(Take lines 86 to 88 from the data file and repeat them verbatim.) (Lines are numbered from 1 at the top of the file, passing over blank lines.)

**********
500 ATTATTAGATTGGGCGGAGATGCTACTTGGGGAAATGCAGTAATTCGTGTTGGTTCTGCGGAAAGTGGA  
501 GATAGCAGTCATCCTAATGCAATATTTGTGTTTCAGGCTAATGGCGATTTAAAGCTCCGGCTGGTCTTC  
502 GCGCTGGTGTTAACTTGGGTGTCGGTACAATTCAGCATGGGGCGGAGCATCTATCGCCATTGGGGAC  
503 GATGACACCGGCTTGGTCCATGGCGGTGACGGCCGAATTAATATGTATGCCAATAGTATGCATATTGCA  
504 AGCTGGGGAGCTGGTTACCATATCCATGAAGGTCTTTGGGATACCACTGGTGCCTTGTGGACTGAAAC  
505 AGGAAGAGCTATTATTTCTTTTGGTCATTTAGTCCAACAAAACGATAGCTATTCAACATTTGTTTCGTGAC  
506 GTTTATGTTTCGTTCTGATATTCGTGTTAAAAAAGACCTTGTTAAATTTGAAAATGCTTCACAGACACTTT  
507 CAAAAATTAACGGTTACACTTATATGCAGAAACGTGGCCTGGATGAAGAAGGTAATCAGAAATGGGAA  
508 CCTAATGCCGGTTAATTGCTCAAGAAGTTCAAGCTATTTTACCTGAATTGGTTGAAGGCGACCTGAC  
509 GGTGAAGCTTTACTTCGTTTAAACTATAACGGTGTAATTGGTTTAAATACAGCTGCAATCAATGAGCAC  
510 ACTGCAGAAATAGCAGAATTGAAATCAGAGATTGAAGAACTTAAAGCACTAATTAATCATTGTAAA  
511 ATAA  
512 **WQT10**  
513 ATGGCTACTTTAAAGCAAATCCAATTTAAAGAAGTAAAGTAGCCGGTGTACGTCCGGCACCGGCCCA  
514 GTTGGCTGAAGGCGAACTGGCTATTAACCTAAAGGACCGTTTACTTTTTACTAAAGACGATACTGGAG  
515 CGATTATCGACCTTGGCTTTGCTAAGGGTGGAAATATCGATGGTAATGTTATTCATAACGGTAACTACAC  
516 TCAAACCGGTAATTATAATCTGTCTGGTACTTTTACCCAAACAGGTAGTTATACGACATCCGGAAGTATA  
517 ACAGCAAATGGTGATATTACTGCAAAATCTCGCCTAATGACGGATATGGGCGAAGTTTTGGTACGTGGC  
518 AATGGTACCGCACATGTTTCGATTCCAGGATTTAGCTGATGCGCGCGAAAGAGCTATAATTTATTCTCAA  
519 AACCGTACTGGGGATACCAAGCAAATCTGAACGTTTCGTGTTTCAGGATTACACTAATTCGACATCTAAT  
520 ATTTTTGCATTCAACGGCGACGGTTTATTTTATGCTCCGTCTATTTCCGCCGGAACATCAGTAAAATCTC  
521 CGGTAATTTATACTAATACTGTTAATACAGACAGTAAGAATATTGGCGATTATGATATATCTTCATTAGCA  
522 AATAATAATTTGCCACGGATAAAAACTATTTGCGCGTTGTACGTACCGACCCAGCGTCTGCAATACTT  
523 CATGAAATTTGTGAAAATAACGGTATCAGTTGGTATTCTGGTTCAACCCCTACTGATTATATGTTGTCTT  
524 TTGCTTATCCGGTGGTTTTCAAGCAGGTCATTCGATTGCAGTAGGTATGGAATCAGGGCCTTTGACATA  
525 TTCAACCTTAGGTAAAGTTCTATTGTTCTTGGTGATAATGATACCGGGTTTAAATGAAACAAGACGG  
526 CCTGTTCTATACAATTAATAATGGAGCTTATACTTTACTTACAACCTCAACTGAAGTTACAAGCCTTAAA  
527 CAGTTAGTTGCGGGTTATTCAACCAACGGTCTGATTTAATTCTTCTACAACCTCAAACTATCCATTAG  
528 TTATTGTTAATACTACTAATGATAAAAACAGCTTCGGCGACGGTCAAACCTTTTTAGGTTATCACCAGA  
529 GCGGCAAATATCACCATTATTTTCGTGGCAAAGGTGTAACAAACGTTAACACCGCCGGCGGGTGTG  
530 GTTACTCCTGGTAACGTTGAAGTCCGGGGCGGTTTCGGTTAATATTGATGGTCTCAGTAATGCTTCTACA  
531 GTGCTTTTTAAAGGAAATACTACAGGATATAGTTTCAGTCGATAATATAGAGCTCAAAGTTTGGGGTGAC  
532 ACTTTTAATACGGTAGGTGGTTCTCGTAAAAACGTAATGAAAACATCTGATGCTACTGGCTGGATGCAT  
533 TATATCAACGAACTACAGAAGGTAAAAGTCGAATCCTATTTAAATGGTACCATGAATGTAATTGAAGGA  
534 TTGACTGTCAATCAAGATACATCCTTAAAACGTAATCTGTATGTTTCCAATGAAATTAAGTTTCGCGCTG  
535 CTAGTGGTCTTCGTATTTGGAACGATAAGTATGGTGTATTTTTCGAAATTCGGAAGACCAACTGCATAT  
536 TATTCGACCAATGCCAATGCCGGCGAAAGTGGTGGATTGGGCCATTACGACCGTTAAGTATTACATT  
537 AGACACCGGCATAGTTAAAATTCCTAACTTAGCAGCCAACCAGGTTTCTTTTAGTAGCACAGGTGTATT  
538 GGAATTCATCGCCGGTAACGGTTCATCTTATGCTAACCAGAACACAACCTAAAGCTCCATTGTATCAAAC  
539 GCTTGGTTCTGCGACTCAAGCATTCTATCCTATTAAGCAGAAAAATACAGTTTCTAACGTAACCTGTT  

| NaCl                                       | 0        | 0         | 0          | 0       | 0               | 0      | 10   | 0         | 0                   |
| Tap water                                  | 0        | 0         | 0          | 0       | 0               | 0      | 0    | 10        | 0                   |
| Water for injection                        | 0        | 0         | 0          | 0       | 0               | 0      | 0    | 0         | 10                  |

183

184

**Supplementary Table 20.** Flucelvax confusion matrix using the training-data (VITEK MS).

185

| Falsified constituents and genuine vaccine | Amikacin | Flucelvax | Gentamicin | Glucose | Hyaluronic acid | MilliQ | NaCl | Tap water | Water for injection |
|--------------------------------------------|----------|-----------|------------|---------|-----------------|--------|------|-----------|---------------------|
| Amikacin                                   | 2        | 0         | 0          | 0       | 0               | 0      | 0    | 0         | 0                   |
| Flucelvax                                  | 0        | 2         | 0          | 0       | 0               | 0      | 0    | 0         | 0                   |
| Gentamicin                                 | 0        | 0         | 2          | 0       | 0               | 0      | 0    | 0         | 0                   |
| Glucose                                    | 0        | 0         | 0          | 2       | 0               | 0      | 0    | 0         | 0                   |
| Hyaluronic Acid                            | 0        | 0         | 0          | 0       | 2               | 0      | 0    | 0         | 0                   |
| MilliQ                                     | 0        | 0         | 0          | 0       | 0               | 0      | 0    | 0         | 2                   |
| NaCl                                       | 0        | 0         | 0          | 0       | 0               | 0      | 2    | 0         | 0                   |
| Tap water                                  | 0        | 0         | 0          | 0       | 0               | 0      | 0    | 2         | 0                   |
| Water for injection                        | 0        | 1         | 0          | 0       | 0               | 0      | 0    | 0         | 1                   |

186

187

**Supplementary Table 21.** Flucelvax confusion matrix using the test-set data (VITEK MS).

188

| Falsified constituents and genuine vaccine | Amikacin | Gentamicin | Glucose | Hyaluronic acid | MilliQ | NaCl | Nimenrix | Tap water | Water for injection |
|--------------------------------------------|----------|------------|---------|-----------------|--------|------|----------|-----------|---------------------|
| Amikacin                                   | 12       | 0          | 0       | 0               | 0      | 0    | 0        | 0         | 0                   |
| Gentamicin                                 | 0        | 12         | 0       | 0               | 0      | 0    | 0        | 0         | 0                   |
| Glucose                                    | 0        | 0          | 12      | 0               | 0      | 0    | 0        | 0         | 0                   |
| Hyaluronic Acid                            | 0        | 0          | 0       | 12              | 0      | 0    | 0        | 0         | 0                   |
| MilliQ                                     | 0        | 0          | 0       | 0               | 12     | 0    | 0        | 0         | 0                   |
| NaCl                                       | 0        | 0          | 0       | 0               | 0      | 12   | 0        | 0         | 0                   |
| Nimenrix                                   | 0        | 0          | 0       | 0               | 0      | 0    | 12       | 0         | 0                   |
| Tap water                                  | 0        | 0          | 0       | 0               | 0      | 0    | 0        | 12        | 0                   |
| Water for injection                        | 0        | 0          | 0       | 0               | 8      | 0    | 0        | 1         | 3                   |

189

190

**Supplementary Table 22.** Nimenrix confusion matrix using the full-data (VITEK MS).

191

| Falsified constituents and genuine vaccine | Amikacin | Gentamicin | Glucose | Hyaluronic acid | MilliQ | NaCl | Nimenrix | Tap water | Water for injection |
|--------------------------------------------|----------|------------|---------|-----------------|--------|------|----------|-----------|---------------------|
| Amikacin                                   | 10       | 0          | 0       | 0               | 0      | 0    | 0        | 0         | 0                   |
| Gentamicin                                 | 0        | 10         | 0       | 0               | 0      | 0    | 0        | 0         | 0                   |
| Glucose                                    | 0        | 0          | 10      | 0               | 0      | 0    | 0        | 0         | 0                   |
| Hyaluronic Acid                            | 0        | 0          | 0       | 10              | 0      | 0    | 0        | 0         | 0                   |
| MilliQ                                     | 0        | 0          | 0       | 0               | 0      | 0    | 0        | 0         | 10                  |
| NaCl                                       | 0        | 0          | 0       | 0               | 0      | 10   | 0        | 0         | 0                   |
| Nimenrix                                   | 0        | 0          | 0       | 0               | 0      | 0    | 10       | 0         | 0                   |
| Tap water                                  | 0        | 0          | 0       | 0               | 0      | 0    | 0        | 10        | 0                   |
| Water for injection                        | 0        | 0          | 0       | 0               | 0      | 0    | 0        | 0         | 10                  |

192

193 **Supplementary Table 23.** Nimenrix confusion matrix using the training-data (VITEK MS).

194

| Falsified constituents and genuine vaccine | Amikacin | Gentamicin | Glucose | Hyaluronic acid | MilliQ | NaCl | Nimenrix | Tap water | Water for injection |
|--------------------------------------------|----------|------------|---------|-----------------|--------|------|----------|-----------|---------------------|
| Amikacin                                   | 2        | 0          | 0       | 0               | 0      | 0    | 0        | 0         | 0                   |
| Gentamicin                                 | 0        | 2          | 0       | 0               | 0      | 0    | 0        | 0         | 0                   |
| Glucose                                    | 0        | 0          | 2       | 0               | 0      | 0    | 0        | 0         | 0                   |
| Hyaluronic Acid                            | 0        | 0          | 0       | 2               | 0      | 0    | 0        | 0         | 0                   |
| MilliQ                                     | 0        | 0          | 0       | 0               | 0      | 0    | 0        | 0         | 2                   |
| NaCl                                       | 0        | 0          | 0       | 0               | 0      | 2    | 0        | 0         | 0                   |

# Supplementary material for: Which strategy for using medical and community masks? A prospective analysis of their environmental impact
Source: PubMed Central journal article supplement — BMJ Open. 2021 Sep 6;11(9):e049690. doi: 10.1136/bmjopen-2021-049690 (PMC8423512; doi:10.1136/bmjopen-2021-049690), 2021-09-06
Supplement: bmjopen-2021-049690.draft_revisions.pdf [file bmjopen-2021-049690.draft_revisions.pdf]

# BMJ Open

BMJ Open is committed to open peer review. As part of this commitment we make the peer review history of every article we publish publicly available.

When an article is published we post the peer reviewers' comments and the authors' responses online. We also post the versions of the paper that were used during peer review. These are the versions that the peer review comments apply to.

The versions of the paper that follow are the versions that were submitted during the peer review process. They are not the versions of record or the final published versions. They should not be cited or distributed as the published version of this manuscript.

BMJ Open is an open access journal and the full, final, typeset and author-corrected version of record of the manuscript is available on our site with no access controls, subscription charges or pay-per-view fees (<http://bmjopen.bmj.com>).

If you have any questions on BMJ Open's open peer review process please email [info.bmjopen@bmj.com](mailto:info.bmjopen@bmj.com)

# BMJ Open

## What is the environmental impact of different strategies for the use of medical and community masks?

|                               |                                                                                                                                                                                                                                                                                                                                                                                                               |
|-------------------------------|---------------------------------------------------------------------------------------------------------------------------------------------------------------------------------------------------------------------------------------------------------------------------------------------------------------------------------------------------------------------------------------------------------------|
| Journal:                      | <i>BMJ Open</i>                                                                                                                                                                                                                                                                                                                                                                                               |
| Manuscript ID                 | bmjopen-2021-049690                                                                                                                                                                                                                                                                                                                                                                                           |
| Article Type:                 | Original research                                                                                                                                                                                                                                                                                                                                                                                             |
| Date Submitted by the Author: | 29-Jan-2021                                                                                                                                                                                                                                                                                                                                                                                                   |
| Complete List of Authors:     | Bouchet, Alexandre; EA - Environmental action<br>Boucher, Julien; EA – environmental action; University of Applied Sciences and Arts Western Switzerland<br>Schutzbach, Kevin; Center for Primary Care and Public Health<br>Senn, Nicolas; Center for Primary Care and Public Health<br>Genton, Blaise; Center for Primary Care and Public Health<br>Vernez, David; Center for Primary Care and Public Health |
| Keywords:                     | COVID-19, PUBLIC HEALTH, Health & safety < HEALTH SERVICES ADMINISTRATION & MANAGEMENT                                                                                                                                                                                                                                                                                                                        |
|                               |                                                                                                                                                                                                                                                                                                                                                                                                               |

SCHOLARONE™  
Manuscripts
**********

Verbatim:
| Nimenrix                                   | 0        | 0          | 0       | 0               | 0      | 0    | 10       | 0         | 0                   |
| Tap water                                  | 0        | 0          | 0       | 0               | 0      | 0    | 0        | 10        | 0                   |
| Water for injection                        | 0        | 0          | 0       | 0               | 0      | 0    | 0        | 0         | 10                  |